By Daniela Grava, Medill, Immigrant Connect
It’s Sunday morning, and the seats in the pews of the Adalberto United Methodist Church are filled. Elvira Arellano and her two sons, Saul and Emiliano, feel at home. They are among diverse members of the community, many of whom are immigrants. This church is their home.
Arellano is one of many Mexican immigrants in Chicago who have sought comfort in neighborhood churches. The churches provide a safe place for both legal and undocumented immigrants by supporting them and providing whatever assistance they can, including possibly a physical place to live if the immigrant has been targeted for deportation.
Arellano received a deportation order in 2002 after an immigration raid at O’Hare International Airport, where she was working with a false social security number. Instead of appearing in immigration court in 2006 when she was scheduled to, Arellano sought asylum at the Adalberto United Methodist Church. She lived there for about a year.
Immigration and Customs Enforcement (ICE) eventually arrested her in 2007 when she was in Los Angeles. She was deported, separating her from her U.S.-born son Saul, who stayed in the country for a short period of time before eventually moving back to Mexico to be with her. In 2014, however, Arellano crossed the border again, still undocumented, with her two sons to fight for immigration reform and live at the Adalberto United Methodist Church, where she has been since.
Since Chicago officially became a welcoming city in 2012, more and more churches have opened their doors to undocumented immigrants seeking protection. The majority of those who attend the congregation are from mixed status families, most with at least one undocumented parent, according to Emma Lozano, pastor at Adalberto and its sister church, Lincoln United Methodist Church.
The church is training teams to evaluate each family who has a check-in with ICE in case they become a victim of deportation and to prepare them with options, physical sanctuary being the last. Lozano says they are working on a few cases of deported green card veterans who include their own member Miguel Perez Jr., who served two tours of duty in Afghanistan and returned with a brain injury and severe PTSD. He wasn’t able to get the medical attention to relieve his pain so he began self-medicating and ended up with a nonviolent drug conviction. He now faces deportation because of it.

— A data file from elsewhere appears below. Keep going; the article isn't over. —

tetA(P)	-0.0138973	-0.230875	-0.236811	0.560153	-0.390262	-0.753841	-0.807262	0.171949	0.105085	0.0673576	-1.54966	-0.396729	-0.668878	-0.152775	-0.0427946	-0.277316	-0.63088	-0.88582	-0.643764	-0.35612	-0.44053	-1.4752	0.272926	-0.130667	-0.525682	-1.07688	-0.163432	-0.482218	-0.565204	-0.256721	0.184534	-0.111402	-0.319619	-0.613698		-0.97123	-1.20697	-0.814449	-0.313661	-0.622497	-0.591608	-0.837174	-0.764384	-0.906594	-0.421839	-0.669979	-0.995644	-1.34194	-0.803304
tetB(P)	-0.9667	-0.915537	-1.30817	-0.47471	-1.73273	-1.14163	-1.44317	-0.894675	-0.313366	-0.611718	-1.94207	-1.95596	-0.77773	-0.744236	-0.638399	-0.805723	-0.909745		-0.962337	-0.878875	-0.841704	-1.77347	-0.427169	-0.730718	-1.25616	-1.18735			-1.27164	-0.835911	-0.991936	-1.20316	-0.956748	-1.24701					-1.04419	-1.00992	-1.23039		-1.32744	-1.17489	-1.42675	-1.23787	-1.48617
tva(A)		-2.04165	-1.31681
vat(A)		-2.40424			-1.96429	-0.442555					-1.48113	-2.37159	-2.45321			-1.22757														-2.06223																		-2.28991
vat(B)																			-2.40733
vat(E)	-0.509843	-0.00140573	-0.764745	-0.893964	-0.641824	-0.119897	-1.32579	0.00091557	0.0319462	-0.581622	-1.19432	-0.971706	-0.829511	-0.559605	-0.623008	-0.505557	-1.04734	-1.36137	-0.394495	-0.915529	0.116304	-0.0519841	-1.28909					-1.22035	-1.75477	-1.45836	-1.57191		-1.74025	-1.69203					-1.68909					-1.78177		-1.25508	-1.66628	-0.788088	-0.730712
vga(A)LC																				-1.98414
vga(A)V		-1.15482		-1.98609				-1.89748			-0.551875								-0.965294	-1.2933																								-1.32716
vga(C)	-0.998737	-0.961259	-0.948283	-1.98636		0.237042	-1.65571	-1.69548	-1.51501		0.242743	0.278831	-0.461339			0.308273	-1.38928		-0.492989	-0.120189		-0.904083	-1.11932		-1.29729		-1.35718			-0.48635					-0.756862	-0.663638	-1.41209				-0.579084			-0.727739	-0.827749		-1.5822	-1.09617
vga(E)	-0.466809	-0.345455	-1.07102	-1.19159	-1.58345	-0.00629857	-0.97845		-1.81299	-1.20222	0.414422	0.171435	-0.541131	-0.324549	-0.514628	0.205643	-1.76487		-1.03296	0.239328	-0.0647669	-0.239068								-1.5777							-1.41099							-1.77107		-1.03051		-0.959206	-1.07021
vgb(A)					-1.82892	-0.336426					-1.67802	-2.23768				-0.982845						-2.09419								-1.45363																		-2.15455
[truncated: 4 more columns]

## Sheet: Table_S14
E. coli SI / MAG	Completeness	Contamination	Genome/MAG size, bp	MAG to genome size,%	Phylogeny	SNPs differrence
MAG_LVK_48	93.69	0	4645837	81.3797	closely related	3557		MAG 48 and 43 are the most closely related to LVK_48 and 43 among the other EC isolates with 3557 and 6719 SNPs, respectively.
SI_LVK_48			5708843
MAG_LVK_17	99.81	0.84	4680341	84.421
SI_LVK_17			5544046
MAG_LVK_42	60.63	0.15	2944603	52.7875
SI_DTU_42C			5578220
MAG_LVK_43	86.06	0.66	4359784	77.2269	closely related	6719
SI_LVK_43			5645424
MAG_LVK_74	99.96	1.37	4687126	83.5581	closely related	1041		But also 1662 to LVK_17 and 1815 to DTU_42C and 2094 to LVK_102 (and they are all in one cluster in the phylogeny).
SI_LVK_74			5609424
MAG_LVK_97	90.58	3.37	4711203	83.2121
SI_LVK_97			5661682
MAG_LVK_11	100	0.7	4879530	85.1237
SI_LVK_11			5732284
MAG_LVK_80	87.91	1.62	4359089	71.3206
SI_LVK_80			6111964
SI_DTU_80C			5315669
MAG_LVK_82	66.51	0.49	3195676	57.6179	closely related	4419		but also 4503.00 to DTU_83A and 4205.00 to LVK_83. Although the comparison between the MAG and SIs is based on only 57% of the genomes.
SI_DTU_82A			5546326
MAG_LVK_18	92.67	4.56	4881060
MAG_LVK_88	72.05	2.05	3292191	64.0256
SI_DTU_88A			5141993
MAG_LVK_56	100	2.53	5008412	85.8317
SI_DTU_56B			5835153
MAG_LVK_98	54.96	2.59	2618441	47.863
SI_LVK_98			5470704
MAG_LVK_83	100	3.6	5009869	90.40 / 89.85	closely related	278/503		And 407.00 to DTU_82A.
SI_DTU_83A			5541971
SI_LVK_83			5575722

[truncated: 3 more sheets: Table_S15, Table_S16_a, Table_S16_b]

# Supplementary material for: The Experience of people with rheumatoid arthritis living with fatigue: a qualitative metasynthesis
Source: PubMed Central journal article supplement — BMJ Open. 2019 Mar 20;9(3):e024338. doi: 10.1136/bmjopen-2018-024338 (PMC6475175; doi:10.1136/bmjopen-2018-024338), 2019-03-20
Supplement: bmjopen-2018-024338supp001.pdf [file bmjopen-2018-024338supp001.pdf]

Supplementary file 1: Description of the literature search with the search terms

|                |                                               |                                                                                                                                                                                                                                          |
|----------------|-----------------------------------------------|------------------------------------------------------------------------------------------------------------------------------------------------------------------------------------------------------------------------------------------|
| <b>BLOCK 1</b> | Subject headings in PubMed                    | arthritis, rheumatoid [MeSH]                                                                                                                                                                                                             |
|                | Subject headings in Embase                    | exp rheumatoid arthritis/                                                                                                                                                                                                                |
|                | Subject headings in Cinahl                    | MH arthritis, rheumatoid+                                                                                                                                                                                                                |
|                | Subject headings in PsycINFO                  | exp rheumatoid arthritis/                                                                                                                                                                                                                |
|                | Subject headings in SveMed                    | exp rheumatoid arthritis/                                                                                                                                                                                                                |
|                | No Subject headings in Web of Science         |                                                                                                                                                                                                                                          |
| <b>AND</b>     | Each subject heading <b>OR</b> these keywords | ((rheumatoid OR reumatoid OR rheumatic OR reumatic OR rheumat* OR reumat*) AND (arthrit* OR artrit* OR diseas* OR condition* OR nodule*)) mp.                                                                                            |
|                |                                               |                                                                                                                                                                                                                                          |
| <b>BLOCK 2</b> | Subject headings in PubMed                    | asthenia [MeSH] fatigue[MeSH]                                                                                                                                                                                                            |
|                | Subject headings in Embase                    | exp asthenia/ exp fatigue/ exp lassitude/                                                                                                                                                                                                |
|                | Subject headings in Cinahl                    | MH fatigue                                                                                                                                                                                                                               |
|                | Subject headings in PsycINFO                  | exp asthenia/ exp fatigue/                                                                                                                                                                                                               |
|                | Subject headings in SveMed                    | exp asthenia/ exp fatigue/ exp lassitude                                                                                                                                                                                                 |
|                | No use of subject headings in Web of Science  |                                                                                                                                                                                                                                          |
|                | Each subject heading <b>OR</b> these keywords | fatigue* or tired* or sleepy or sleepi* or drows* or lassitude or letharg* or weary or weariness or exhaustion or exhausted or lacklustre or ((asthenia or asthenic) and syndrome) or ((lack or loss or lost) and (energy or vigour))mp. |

In addition to Adalberto United Methodist Church and Lincoln United Methodist Church, other prevalent sanctuary churches in Chicago that immigrants of any status can turn to for asylum include University Church in Hyde Park and most recently, the Lincoln Park Presbyterian Church. Beth Brown, a pastor at Lincoln Park Presbyterian, says the leadership team of the church voted in January to officially become a sanctuary church. This means that they support and provide whatever assistance they can to the various organizations working most closely in the sanctuary movement and with immigrant communities where there is fear and danger of deportation.
“This church believed it was just the right thing to do because there are a lot of factors that go into why someone comes across a border and we believe that there are many people in our community who are undocumented immigrants who are well-established, who are raising families, who are significantly contributing to the community and it seems to be the result of some unjust systems and processes that make it impossible for people to finally become legal in this country despite, for many people, a long-term effort to become legal,” Brown says.
They are in the process of redoing a space in the church to be livable, in case someone needs physical sanctuary. That is most likely to happen after a person, who is well-established in the community and doesn’t want to be separated from their families, has received a final deportation order through the immigration court system.
While churches like these offer physical sanctuary, emotional support, and increased interaction with other members of the community, local organizations also offer a means of protection and empowerment by allowing all immigrants to participate and contribute to enhancing the community. One of these organizations, the Pilsen Alliance, is located in the city’s neighborhood that is most heavily populated with immigrants, in particular from Mexico. They are a non-profit community group that engages local residents to advance public education, affordable housing and healthy communities.
During President Trump’s campaign, however, they began to switch gears and become more well versed in immigrant rights issues, even though they are not immigrant rights professionals, because those issues became the immediate concerns of the community, says Pilsen Alliance’s co-director, Corina Pedraza.
“We can’t just talk about how we should improve public education without talking about the safety of undocumented families,” Pedraza says.
Since Trump’s inauguration, the Pilsen Alliance has been rapidly transforming to better suit the undocumented community by becoming better informed on the rights people have, on the work that is being done nationwide to defend the undocumented, and on what it means to be a sanctuary. According to Pedraza, the increase in community fear since Trump has also sparked an increase in the numbers of people seeking legal assistance, help with developing family and guardianship plans, and a means to learn their rights. The Pilsen Alliance has also had an increase in local residents wanting to participate and contribute to their campaigns, regardless of their legal status or origin.